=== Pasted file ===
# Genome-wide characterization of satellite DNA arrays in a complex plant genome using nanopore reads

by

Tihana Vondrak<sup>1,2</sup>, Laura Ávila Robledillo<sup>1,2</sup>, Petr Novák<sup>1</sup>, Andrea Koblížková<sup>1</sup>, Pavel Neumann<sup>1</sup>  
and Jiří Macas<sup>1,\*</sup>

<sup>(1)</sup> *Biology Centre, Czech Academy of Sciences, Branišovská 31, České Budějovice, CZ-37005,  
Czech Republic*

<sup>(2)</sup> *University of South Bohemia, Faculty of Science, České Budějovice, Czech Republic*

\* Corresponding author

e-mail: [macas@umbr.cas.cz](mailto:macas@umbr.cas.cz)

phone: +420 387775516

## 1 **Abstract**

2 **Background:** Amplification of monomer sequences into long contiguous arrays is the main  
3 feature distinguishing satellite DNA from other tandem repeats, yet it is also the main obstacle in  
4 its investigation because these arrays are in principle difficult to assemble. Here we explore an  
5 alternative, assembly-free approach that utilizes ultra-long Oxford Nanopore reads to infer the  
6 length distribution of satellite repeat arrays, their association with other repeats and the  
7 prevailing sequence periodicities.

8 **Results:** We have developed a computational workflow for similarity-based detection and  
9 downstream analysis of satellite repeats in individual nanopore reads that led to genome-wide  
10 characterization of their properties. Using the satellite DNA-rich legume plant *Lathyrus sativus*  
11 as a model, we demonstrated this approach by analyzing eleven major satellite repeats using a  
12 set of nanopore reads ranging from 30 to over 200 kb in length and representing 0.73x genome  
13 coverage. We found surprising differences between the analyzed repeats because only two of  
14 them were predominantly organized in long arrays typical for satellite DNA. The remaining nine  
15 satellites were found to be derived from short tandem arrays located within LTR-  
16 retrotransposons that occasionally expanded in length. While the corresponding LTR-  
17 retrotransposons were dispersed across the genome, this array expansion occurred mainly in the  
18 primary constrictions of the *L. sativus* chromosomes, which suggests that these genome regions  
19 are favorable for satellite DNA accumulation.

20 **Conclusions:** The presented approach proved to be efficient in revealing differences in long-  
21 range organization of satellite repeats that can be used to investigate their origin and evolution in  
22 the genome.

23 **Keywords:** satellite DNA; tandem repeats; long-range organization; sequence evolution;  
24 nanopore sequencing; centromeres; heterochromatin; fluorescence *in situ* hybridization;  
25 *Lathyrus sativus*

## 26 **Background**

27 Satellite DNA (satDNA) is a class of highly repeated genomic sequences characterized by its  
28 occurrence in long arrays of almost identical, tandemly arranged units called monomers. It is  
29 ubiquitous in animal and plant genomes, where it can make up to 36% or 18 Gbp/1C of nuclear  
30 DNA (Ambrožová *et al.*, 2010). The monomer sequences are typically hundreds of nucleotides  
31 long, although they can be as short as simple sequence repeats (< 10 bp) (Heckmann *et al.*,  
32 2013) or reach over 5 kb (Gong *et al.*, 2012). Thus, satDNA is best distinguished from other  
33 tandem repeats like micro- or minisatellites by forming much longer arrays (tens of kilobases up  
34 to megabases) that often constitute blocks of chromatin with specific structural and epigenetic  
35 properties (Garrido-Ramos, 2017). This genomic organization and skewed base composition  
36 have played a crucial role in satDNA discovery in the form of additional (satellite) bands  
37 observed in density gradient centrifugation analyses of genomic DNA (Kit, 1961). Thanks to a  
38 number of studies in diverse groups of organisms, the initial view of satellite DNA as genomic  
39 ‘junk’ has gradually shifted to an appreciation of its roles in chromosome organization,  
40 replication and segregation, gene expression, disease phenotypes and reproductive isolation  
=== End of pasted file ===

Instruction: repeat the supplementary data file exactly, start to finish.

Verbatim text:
# Genome-wide characterization of satellite DNA arrays in a complex plant genome using nanopore reads

by

Tihana Vondrak<sup>1,2</sup>, Laura Ávila Robledillo<sup>1,2</sup>, Petr Novák<sup>1</sup>, Andrea Koblížková<sup>1</sup>, Pavel Neumann<sup>1</sup>  
and Jiří Macas<sup>1,\*</sup>

<sup>(1)</sup> *Biology Centre, Czech Academy of Sciences, Branišovská 31, České Budějovice, CZ-37005,  
Czech Republic*

<sup>(2)</sup> *University of South Bohemia, Faculty of Science, České Budějovice, Czech Republic*

\* Corresponding author

e-mail: [macas@umbr.cas.cz](mailto:macas@umbr.cas.cz)

phone: +420 387775516

## 1 **Abstract**

2 **Background:** Amplification of monomer sequences into long contiguous arrays is the main  
3 feature distinguishing satellite DNA from other tandem repeats, yet it is also the main obstacle in  
4 its investigation because these arrays are in principle difficult to assemble. Here we explore an  
5 alternative, assembly-free approach that utilizes ultra-long Oxford Nanopore reads to infer the  
6 length distribution of satellite repeat arrays, their association with other repeats and the  
7 prevailing sequence periodicities.

8 **Results:** We have developed a computational workflow for similarity-based detection and  
9 downstream analysis of satellite repeats in individual nanopore reads that led to genome-wide  
10 characterization of their properties. Using the satellite DNA-rich legume plant *Lathyrus sativus*  
11 as a model, we demonstrated this approach by analyzing eleven major satellite repeats using a  
12 set of nanopore reads ranging from 30 to over 200 kb in length and representing 0.73x genome  
13 coverage. We found surprising differences between the analyzed repeats because only two of  
14 them were predominantly organized in long arrays typical for satellite DNA. The remaining nine  
15 satellites were found to be derived from short tandem arrays located within LTR-  
16 retrotransposons that occasionally expanded in length. While the corresponding LTR-  
17 retrotransposons were dispersed across the genome, this array expansion occurred mainly in the  
18 primary constrictions of the *L. sativus* chromosomes, which suggests that these genome regions  
19 are favorable for satellite DNA accumulation.

20 **Conclusions:** The presented approach proved to be efficient in revealing differences in long-  
21 range organization of satellite repeats that can be used to investigate their origin and evolution in  
22 the genome.

23 **Keywords:** satellite DNA; tandem repeats; long-range organization; sequence evolution;  
24 nanopore sequencing; centromeres; heterochromatin; fluorescence *in situ* hybridization;  
25 *Lathyrus sativus*

## 26 **Background**

27 Satellite DNA (satDNA) is a class of highly repeated genomic sequences characterized by its  
28 occurrence in long arrays of almost identical, tandemly arranged units called monomers. It is  
29 ubiquitous in animal and plant genomes, where it can make up to 36% or 18 Gbp/1C of nuclear  
30 DNA (Ambrožová *et al.*, 2010). The monomer sequences are typically hundreds of nucleotides  
31 long, although they can be as short as simple sequence repeats (< 10 bp) (Heckmann *et al.*,  
32 2013) or reach over 5 kb (Gong *et al.*, 2012). Thus, satDNA is best distinguished from other  
33 tandem repeats like micro- or minisatellites by forming much longer arrays (tens of kilobases up  
34 to megabases) that often constitute blocks of chromatin with specific structural and epigenetic  
35 properties (Garrido-Ramos, 2017). This genomic organization and skewed base composition  
36 have played a crucial role in satDNA discovery in the form of additional (satellite) bands  
37 observed in density gradient centrifugation analyses of genomic DNA (Kit, 1961). Thanks to a  
38 number of studies in diverse groups of organisms, the initial view of satellite DNA as genomic  
39 ‘junk’ has gradually shifted to an appreciation of its roles in chromosome organization,  
40 replication and segregation, gene expression, disease phenotypes and reproductive isolation  